4) fill the barrel with your favorite ink.

5) Put the pen down so you don’t poke yourself when you pat yourself on the back.

It’s quite likely that you’ll have to wait a bit for the ink to find its way up the feed and to the nib.  If you need to write immediately you can just dip the nib into the ink bottle to get things started.

 

NaNoWriMo: A Writing Opportunity

It’s that time of year again, when there’s lots of buzz about the upcoming NaNoWriMo event.  If you’re a writer, or a wannabe writer who hasn’t heard of it, National Novel Writing Month happens every November.  It an oft-misunderstood event by those who have never done it and a cherished experience by those who have.

The obvious goal of NaNoWriMo is what it takes to win – write 50,000 words in one month.  Winning, though, means getting a certificate that says you did it and as great as the feeling that comes from receiving it, the small size of this token of “winning”  should underscore the importance and value of this aspect of NaNoWriMo.  If “winning” on this level were the only goal, you could copy the first 50,000 words from a dictionary and submit it.  You would “win” but that’s hardly the point.

What is the point is skills acquisition – a specific skill.  Fiction writers need talent and imagination.  Writers need to understand grammar, and other writerly stuff.  But a person with perfect grammar and great imagination can never complete a novel without one other skill, a skill that most wannabe writers lack.  It’s the ability to put your butt in the chair to write on a regular basis.

We all mean well.  We plan, we think, we “have the story in our head.”  But we also have excuses for why it doesn’t get written.  Our “muse” isn’t cooperating.  We’re too busy.  Some even use “I’m such a procrastinator” as though this were some genetic disposition that explains it all.  The excuses don’t matter.  In the end, most well-intentioned people never complete even a first draft of a novel.

The truth is, writing regularly, and with purpose is an acquired skill, just like any other.  It must be acquired and doing it alone is difficult.  It must become a habit.  That’s where NaNoWriMo comes in.  Starting November 1st, tens of thousands of writers, like yourself, will launch themselves into an intense writing month, requiring a word production of 1667 words per day if you want to meet the 50k goal by November 31st.  Support is provided in many forms and with so many people in the same boat, doing the same thing, it is easier somehow.  NaNoWriMo lets you experience being a productive writer and, if you perservere, it will cause you to get that story that’s “in your head” down on paper.  It won’t be a polished novel at that point but it can be with some subsequent effort on your part.  Once the draft is written, the rest is much easier.  Many NaNoWriMo novels have been published and many more will be.  Maybe yours.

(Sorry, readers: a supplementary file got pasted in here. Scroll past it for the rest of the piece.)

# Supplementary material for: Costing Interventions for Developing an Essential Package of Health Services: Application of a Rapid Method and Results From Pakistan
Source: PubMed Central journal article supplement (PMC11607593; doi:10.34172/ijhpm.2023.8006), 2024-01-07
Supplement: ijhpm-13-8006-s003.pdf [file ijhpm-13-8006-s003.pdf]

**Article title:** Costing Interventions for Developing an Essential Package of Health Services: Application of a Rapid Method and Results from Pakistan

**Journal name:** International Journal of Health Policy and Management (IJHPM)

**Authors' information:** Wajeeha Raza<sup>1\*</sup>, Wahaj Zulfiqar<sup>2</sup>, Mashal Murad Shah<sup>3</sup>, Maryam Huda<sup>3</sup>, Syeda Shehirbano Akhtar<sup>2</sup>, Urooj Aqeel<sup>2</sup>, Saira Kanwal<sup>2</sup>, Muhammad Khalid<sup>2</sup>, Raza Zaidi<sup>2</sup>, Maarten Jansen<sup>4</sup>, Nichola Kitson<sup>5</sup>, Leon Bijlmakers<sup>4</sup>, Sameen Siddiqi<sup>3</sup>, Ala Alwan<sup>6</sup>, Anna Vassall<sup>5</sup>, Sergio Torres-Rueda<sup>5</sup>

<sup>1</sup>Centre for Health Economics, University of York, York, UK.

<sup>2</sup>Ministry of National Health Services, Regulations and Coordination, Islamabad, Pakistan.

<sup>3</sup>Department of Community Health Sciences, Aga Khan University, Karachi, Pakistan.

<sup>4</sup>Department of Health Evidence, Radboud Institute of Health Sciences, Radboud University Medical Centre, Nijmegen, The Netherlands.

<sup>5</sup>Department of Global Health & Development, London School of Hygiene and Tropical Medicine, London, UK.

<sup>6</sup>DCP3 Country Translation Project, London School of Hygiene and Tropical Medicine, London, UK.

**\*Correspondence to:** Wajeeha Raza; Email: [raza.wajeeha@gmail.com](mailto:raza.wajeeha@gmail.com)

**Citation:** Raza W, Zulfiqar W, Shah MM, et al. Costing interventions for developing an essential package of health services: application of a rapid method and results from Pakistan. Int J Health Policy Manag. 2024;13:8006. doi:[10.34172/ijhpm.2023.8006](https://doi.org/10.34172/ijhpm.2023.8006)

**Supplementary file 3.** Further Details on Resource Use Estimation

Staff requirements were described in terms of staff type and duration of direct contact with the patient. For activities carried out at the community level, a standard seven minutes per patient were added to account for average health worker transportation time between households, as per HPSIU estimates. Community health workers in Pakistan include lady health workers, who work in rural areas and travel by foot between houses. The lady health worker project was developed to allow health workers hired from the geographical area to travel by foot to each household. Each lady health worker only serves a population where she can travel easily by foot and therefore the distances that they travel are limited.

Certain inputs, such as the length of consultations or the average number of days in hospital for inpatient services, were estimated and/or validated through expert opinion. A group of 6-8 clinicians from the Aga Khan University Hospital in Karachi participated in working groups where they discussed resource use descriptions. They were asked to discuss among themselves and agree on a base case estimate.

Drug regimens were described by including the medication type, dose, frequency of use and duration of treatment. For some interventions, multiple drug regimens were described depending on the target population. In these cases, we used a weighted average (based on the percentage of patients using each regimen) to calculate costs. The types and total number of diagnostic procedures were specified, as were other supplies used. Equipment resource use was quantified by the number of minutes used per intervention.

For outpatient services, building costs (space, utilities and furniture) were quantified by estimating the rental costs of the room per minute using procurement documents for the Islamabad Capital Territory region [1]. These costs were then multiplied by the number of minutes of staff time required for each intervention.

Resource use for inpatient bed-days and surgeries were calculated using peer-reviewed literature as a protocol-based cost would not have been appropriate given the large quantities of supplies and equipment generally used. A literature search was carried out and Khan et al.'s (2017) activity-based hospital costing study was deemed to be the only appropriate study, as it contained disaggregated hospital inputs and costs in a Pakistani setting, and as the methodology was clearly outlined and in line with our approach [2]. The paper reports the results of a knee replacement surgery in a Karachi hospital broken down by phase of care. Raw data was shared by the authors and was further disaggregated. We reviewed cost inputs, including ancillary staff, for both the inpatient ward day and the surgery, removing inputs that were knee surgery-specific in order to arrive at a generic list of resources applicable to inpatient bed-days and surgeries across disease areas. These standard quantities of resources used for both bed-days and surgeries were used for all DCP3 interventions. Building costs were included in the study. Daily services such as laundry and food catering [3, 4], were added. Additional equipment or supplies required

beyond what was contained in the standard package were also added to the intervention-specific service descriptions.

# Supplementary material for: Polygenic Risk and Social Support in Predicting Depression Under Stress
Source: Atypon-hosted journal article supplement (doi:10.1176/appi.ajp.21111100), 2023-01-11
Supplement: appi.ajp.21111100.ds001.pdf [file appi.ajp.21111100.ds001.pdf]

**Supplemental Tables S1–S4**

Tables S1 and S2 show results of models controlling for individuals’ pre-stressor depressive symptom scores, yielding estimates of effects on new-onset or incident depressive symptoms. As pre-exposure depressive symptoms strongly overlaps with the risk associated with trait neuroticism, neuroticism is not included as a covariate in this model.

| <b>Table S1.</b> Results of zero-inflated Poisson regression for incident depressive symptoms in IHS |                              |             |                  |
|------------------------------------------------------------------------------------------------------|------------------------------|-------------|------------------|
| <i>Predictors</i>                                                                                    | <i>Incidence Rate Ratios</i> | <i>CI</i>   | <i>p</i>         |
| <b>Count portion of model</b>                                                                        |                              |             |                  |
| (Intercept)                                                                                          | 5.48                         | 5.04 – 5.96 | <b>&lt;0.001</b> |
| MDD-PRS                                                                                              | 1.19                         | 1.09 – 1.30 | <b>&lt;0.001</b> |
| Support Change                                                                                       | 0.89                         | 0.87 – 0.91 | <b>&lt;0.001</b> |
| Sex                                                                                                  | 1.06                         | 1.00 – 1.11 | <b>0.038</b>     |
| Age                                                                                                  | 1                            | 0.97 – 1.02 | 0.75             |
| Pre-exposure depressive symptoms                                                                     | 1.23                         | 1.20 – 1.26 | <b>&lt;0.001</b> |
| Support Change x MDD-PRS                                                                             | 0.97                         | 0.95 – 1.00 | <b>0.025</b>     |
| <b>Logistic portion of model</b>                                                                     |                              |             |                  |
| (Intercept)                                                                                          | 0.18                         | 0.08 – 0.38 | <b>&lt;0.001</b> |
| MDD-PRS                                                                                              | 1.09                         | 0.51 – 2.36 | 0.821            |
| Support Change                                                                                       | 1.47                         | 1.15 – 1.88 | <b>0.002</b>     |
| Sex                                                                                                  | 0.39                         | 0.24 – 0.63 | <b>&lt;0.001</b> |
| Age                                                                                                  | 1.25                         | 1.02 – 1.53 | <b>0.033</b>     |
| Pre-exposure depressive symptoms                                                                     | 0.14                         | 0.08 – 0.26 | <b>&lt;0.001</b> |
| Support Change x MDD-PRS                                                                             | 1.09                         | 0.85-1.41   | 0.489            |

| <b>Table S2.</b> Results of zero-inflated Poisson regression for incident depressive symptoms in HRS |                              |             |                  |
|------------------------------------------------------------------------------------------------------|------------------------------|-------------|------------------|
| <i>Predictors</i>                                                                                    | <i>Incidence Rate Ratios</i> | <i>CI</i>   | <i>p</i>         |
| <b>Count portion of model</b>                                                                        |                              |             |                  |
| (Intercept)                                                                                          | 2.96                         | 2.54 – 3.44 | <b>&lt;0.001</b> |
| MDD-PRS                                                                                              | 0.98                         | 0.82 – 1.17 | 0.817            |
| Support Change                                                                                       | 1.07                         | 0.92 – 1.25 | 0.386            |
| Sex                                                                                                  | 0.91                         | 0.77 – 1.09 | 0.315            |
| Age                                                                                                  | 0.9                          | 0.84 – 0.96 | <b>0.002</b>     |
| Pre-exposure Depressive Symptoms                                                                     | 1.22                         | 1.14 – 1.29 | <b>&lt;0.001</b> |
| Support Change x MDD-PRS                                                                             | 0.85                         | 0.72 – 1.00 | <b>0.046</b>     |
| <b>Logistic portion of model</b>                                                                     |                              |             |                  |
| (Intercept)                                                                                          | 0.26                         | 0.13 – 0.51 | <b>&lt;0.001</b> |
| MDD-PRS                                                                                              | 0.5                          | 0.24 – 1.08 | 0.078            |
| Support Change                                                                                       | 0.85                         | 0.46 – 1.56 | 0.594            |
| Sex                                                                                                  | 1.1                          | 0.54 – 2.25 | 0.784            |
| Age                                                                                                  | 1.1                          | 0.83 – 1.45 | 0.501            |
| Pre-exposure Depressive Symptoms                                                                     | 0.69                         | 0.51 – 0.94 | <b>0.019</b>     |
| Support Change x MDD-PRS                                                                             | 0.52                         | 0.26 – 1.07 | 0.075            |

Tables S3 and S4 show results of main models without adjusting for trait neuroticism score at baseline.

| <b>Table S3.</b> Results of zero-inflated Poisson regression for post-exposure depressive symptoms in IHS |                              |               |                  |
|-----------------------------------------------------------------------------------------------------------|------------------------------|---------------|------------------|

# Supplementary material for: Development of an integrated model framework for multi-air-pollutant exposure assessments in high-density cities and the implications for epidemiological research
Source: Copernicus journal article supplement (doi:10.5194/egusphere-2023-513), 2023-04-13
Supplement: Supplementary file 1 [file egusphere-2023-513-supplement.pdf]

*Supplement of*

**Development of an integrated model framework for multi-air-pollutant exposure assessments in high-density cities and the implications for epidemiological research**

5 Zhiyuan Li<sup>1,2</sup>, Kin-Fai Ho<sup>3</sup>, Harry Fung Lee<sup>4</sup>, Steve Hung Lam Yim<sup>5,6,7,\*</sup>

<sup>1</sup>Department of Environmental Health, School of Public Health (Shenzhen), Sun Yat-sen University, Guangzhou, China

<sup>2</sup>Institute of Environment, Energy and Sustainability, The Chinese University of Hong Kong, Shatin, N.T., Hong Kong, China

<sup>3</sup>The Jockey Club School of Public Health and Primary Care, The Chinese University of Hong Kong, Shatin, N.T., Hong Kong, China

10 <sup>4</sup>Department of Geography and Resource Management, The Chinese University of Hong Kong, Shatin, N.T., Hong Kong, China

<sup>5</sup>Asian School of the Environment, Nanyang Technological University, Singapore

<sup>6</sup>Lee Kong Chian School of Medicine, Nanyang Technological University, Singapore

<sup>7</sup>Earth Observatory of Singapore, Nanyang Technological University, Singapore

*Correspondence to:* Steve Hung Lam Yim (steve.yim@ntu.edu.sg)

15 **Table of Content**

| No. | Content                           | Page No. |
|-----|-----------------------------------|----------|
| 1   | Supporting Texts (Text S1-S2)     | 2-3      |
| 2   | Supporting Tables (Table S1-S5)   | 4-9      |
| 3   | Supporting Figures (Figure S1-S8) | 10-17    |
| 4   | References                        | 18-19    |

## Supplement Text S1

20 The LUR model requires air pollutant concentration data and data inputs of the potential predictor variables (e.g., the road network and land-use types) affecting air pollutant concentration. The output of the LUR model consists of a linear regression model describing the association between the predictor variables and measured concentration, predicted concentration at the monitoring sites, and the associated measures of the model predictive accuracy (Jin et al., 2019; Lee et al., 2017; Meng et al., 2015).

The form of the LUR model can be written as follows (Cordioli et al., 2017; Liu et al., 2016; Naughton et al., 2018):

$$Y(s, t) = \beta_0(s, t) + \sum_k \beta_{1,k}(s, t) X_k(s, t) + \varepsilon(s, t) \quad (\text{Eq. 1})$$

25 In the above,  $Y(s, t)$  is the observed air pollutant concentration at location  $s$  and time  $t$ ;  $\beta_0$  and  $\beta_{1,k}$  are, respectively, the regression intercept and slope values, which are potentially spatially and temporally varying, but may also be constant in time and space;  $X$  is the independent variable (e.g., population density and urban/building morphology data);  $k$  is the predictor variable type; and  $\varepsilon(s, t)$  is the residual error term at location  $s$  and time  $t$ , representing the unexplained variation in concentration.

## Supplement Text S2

Sign up for NaNoWriMo.  It’s free, it’s fun.  And add me to your buddy list.  My NaNo name is larrym.

 

Cheers — Larry

 

What Can Antiques Road Show Teach Traditional Publishing?

I was watching the Antiques Road Show last week.  I love that show as there are so many stories presented in association with the antiques being discussed.  This night there was a guy who had some beautiful, old ledger books.  He’d fished them out of a dumpster simply because they were leather-bound, very large, and very cool.   Their exteriors suggested they belonged in a medieval monastery. These ledgers were from a company that manufactured buggy parts and dated to the early 1900s.  The books were, what’s the word?  KEWL!

But as nice as they looked on the outside, it was the inside that held the true gems.  Inside were hand-written entries of sales and delivery numbers for the various parts produced by the company.  The hand-writing was crisp and clear.  John Hancock would have been proud.  Sadly, we’ve lost hand-writing as a well-practiced art form.

What was interesting about the entries is that as you flipped through the books you saw that the company had transitioned from making buggy-parts to making car parts.  As I watched this I wondered how much grumbling went on within that company over the introduction of cars and the demise of an industry in which they were so heavily invested.  I envisioned dart boards with Henry Ford’s face.  The bottom line, however, was that not only had the company transitioned from one set of products to another, this company was still in business, throwing out their old ledger books of a century ago.  The major book publishers should have been watching Antiques Road Show.